The University Insider is The Daily’s first faculty and staff-oriented newsletter. This weekly newsletter will give U-M faculty and staff the ability to see the most important issues on campus and in Ann Arbor — particularly those related to administrative decisions — from the perspective of an independent news organization. It will also provide a better understanding of student perspectives.
U.S. Customs and Border Protection called the Mardigian Library at the University of Michigan-Dearborn on Aug. 14 to book a training session for new CBP employees, causing worry among those at the University, a Michigan Journal article reported. The request was immediately denied due to a policy that prohibits renting rooms to organizations not affiliated with the University or the surrounding community.
Maureen Linker, interim director of the Mardigian Library and professor of philosophy at U-M Dearborn, urged all concerned students, faculty and staff to read the University’s public statement released on Aug. 16. The statement reiterated the University’s commitment to protecting students’ private information — including their immigration status — but reminded readers that the three University of Michigan campuses are not classified as “sanctuary” campuses.
CPB Requests a Room on U-M Dearborn's Campus
The statement also noted that CBP, not U.S. Immigration and Customs Enforcement (ICE), called campus to request a room booking. Although both organizations operate under the Department of Homeland Security, CBP is solely responsible for border safety and trade. ICE investigates immigration-related issues on a nationwide level and has been criticized for carrying out organized raids against undocumented Americans. Michigan has the second-highest rate of ICE arrests in the country, with 11.6 per 1,000 immigrants apprehended.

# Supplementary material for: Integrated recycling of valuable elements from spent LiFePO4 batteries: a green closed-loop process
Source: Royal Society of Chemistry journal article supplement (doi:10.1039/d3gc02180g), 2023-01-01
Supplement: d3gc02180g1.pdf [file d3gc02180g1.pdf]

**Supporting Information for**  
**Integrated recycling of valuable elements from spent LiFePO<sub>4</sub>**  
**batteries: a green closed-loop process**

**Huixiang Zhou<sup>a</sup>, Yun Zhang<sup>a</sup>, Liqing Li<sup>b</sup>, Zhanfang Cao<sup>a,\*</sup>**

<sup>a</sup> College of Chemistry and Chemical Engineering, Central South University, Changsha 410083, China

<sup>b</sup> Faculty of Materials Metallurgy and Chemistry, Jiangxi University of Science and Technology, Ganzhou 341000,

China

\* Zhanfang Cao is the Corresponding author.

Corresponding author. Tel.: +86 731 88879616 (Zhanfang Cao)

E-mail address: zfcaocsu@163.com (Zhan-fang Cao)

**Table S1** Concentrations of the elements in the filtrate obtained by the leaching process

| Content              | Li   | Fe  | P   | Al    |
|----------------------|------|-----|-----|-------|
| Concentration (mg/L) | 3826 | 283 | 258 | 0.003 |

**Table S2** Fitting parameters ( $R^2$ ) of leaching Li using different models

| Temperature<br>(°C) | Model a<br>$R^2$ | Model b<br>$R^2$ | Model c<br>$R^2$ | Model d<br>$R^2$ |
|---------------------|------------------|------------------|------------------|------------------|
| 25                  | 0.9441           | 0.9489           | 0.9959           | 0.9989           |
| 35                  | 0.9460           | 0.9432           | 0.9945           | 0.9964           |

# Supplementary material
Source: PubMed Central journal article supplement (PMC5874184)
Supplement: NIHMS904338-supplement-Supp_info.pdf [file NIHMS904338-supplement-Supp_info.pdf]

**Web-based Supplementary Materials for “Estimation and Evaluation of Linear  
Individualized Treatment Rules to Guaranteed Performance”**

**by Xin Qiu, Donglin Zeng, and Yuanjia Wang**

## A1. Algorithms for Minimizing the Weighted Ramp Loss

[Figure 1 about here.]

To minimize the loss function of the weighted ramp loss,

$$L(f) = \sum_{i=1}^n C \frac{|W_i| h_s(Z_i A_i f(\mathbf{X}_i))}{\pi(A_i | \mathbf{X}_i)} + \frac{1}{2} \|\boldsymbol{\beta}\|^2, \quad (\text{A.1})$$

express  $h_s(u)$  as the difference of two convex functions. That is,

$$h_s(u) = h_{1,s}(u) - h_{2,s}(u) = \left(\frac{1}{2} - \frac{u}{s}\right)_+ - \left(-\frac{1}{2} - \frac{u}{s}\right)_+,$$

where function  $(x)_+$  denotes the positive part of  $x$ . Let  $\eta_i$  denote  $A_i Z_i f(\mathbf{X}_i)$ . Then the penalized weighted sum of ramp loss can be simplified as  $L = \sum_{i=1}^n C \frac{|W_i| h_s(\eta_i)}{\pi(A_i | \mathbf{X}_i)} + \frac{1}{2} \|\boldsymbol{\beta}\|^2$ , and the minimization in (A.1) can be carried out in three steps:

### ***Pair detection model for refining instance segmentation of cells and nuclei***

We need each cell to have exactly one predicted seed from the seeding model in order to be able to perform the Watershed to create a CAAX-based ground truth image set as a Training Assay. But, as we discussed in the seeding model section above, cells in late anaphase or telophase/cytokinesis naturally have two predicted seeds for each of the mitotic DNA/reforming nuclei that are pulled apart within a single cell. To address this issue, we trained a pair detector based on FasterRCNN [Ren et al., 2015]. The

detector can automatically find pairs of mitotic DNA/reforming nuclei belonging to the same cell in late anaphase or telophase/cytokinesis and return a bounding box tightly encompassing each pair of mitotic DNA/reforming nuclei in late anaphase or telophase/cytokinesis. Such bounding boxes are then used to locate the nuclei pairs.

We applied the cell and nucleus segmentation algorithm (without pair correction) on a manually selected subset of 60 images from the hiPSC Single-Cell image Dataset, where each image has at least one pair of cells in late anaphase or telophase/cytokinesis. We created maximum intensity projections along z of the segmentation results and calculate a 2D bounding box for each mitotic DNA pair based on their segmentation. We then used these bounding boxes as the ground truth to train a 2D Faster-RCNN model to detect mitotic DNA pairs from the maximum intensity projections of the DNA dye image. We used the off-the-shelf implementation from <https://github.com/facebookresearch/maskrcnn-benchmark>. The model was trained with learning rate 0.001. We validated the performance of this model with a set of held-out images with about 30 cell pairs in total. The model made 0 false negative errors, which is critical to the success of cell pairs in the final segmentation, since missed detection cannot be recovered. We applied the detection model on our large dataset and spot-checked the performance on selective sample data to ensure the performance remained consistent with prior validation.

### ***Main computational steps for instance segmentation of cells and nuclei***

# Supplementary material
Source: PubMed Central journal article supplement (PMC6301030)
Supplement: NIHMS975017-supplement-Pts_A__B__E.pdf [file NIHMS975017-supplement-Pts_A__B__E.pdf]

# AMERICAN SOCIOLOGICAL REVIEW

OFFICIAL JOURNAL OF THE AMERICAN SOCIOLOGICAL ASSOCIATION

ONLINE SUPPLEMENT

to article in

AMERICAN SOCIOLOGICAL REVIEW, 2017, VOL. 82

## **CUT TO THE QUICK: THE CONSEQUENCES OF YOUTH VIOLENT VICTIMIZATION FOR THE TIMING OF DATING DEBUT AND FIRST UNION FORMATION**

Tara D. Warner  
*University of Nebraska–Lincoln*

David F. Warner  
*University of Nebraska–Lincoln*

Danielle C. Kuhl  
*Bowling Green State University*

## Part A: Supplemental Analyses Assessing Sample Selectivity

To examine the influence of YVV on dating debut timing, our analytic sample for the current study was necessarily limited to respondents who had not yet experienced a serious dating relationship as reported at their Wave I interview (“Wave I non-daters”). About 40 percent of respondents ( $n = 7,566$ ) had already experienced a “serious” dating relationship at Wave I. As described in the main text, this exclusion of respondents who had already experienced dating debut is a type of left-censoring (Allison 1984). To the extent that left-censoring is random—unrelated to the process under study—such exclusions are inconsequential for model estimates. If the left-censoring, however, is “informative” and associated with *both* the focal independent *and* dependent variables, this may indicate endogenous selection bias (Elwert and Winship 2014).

The Michigan Journal article, which listed steps students should take if approached by ICE agents. There was also concern ICE raids similar to those this past July in Mississippi could take place on the U-M Dearborn campus. Hani Bawardi, an associate professor of history at U-M Dearborn, said even though CBP was the agency that called campus, any DHS presence on campus can be a legitimate cause for fear.
“It’s no surprise that the students would be very concerned given the current situation,” Bawardi said. “ICE is a very powerful government agency with a six-billion-dollar budget. It is sort of a byproduct of a merger between the former Immigration and Naturalization Service and the U.S. Customs Service under the umbrella of Homeland Security, and it has almost unfettered powers.”
ICE Presence in Michigan
According to the 2018 Enforcement and Removal report, ICE made 158,581 administrative arrests in the 2018 fiscal year, as opposed to the 143,470 arrests made in 2017. The number of arrests rose partly in response to President Donald Trump’s Executive Order 13768, signed Jan. 25, 2017, which stated sanctuary cities not compliant with ICE orders could be denied federal funding.